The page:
Bush, Japan's Koizumi To Discuss North Korea, Iran

By Susan Krause
Washington File Staff Writer

Washington - President Bush and Japanese Prime Minister Junichiro Koizumi will discuss North Korea, Iran and a wide range of issues when they meet in Washington June 29, according to a senior administration official.

In a June 27 background briefing at the State Department’s Foreign Press Center in Washington, the official previewed plans for the visit, which is expected to be Koizumi’s last to the United States before he steps down as prime minister in September.

The two leaders have a full schedule of meetings, starting with an arrival ceremony on the South Lawn of the White House. 

Breaking from regular business, Bush and Koizumi will travel to Memphis, Tennessee, on June 30 to visit Graceland, the estate of American rock and roll star Elvis Presley.  The prime minister is a long-time Elvis fan, personally choosing 25 favorite songs for a charity CD that was released in Japan in 2002. (See related article.)


Asked about economic issues on the agenda, the administration official praised the strength of Japan’s economy.

“I think everybody's very happy to see that the Japanese economy looks like it's in recovery … after some 15 years of sort of stagnation and slow growth, that there appears to be a sustained recovery.  That's very positive.  That, we think, is linked to Prime Minister Koizumi's domestic reforms that he's undertaken to try to trim bureaucracy and open the system a little bit,” the official said.

The official said the United States welcomed Japan’s June 21 decision to lift a more than two-year long ban on imports of U.S. beef following the implementation of a new inspection process for U.S. meat processing plants. (See related article.)

“[W]hile this has been a difficult issue in the past, there is a process in place with a statement by the Japanese side that they have agreed in principle to lift the import restriction. There's a path ahead that needs to be implemented. So that's very positive. And I think we're happy with that.”


The official said Bush and Koizumi would discuss concerns about North Korea, including that country’s recent announcement of plans to test launch a long-range ballistic missile.  (See related article.)

But no new initiatives on North Korea are expected to come out of the meeting, the official said, emphasizing that the joint statement negotiated in September 2005 through the Six-Party Talks among the United States, Japan, China, Russia, and North and South Korea already provides a sufficient framework for discussion.

“Now that we have this joint statement, it's the first time that the North Koreans have pledged to all five parties on paper that they will abandon all nuclear weapons and all existing nuclear programs.  The idea of coming up with new proposals or new initiatives when you have that commitment in writing from the North Koreans doesn't make a whole lot of sense,” the official said.  (See related article.)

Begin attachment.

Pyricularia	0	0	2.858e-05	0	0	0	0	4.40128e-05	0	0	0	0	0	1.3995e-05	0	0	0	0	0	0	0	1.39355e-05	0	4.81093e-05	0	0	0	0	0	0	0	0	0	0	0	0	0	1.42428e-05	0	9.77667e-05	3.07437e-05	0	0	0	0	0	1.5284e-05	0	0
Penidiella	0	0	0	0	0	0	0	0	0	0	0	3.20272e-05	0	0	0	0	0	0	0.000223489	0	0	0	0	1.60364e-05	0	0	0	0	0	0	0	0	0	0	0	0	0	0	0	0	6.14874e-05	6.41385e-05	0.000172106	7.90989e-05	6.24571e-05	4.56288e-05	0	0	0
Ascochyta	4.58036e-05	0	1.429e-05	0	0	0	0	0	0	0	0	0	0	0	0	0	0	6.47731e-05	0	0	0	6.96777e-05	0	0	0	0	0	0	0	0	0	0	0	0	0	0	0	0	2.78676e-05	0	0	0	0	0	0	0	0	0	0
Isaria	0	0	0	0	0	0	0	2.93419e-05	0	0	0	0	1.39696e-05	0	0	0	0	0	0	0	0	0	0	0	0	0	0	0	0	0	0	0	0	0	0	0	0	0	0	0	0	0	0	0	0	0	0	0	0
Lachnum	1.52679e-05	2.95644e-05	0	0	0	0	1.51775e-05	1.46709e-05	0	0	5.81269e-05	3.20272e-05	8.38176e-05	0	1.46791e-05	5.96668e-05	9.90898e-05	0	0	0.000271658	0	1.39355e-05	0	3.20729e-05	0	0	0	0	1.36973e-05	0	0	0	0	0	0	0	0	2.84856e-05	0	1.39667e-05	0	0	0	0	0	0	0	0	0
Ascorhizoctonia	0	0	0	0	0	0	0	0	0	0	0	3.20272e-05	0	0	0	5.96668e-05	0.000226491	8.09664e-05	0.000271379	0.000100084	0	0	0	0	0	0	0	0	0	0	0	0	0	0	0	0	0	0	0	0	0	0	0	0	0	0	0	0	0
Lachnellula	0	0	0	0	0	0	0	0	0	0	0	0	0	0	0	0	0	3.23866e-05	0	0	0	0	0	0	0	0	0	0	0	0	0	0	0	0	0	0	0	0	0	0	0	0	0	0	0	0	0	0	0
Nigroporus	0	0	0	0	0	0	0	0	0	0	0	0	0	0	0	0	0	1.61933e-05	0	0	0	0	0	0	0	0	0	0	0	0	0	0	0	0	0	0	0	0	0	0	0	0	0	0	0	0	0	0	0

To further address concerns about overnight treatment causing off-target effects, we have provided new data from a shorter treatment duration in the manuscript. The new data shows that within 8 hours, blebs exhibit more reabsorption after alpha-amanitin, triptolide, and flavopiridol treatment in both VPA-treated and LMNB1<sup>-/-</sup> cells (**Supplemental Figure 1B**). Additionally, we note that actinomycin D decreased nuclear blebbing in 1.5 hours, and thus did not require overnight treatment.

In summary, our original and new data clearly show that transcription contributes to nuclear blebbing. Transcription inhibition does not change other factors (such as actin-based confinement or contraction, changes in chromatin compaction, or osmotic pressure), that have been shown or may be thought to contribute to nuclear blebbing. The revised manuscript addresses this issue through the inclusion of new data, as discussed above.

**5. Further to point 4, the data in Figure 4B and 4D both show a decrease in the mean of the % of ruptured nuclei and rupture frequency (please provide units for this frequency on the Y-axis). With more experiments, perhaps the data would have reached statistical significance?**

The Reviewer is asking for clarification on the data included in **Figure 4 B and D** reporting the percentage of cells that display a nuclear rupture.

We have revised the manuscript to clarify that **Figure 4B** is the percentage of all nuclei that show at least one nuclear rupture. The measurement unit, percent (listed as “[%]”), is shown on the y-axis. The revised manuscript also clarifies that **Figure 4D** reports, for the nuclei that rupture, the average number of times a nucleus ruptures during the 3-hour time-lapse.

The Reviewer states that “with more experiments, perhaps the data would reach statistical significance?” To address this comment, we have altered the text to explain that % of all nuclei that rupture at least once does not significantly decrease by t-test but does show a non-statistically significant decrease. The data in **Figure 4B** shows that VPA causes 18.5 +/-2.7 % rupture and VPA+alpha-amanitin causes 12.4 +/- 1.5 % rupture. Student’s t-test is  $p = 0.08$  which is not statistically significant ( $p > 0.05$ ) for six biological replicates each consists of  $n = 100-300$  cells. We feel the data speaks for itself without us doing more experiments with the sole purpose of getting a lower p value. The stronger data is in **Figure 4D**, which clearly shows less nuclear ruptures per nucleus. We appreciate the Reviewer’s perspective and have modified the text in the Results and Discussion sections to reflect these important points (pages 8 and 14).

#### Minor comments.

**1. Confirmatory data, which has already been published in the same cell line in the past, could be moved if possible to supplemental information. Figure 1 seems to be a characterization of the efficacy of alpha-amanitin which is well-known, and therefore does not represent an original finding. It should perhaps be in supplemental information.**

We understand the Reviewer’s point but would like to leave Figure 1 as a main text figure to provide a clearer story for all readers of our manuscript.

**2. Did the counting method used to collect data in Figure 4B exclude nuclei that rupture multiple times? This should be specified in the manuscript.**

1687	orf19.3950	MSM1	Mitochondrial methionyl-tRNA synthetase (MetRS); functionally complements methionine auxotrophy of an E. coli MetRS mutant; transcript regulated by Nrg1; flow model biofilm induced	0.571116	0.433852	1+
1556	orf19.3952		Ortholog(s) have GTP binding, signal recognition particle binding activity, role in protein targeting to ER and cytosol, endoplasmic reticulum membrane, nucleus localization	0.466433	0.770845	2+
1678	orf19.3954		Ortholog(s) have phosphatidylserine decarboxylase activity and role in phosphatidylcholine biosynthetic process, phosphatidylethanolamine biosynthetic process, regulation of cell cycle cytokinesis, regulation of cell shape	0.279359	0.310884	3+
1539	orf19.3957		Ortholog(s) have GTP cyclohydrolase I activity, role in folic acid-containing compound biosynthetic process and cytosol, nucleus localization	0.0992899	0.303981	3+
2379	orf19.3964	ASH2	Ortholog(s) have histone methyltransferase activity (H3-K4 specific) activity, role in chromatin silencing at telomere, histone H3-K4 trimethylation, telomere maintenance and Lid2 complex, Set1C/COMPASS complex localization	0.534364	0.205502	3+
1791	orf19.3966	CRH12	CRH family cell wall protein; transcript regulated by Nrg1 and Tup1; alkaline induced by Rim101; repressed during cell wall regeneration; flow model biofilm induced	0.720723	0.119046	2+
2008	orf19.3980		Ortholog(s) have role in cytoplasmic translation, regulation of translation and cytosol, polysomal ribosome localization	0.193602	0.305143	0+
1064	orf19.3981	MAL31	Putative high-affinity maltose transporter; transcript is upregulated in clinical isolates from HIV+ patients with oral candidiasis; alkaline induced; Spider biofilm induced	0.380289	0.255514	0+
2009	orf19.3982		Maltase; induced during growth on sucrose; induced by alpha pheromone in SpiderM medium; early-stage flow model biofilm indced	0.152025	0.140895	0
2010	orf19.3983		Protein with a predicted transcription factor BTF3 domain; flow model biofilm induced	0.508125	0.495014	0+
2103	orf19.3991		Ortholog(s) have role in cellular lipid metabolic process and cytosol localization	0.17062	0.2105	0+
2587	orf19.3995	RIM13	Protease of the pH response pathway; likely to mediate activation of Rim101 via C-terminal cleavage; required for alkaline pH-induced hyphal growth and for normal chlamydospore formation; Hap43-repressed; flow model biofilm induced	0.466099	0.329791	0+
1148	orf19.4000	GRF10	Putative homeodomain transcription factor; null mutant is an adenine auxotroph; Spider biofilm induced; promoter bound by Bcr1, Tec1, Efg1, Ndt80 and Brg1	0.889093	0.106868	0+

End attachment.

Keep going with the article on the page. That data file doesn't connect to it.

The top priority for both the United States and Japan is to convince Pyongyang to return to the Six-Party negotiations to implement the joint statement, the official said.

Iran’s nuclear activities will also be a topic of discussion during the visit, the official said.

“We consider the Japanese a very important partner, and we consult very closely with them with regard to Iran.  And I think they will talk about the range of issues from the diplomatic efforts that are being undertaken, to discussions about what they would do if the diplomatic efforts fail.”


Asked how Koizumi’s departure from office will affect relations between the United States and Japan, the administration official said the two countries have a strong alliance based on common interests that doesn’t depend on personal friendship between leaders.

“[W]hile there is a very good personal friendship between the two leaders, and that's important, and that is a nice way to look at the high level of cooperation in the relationship, there is a sturdy foundation beneath that top-level friendship that's deeply rooted in sort of broadening common interests and common values.”

That foundation of common interests and values forms the basis for bilateral cooperation between the United States and Japan in areas as diverse as Iraq, Afghanistan, and North Korea, the official said.


Asked about the withdrawal of Japanese troops from Iraq, the official said the Bush administration considers that a positive development.

With the announcement June 19 by Iraq’s Prime Minister Nouri Al-Maliki that the southern province of Muthanna would be the first transferred to Iraqi control, it became clear that Japan’s humanitarian mission in the region was completed successfully, the official said.

But Prime Minister Koizumi has made it clear that “Japan is not leaving the Iraq effort,” the official stressed.  “They will continue to play an important role … through airlift operations and through liaison on a national provincial reconstruction team.”

Japan is the second-largest donor to Iraqi reconstruction, the official noted.

“[T]his is very much along the lines of the plan of stand up, stand down. So I think we're quite happy that the Japanese mission was accomplished successfully and that Japan will still be very supportive of the effort in Iraq and will transition to its new mission just as others involved transitioned to their new mission, the official said.

A transcript of the briefing is available on the Washington Foreign Press Center Web site.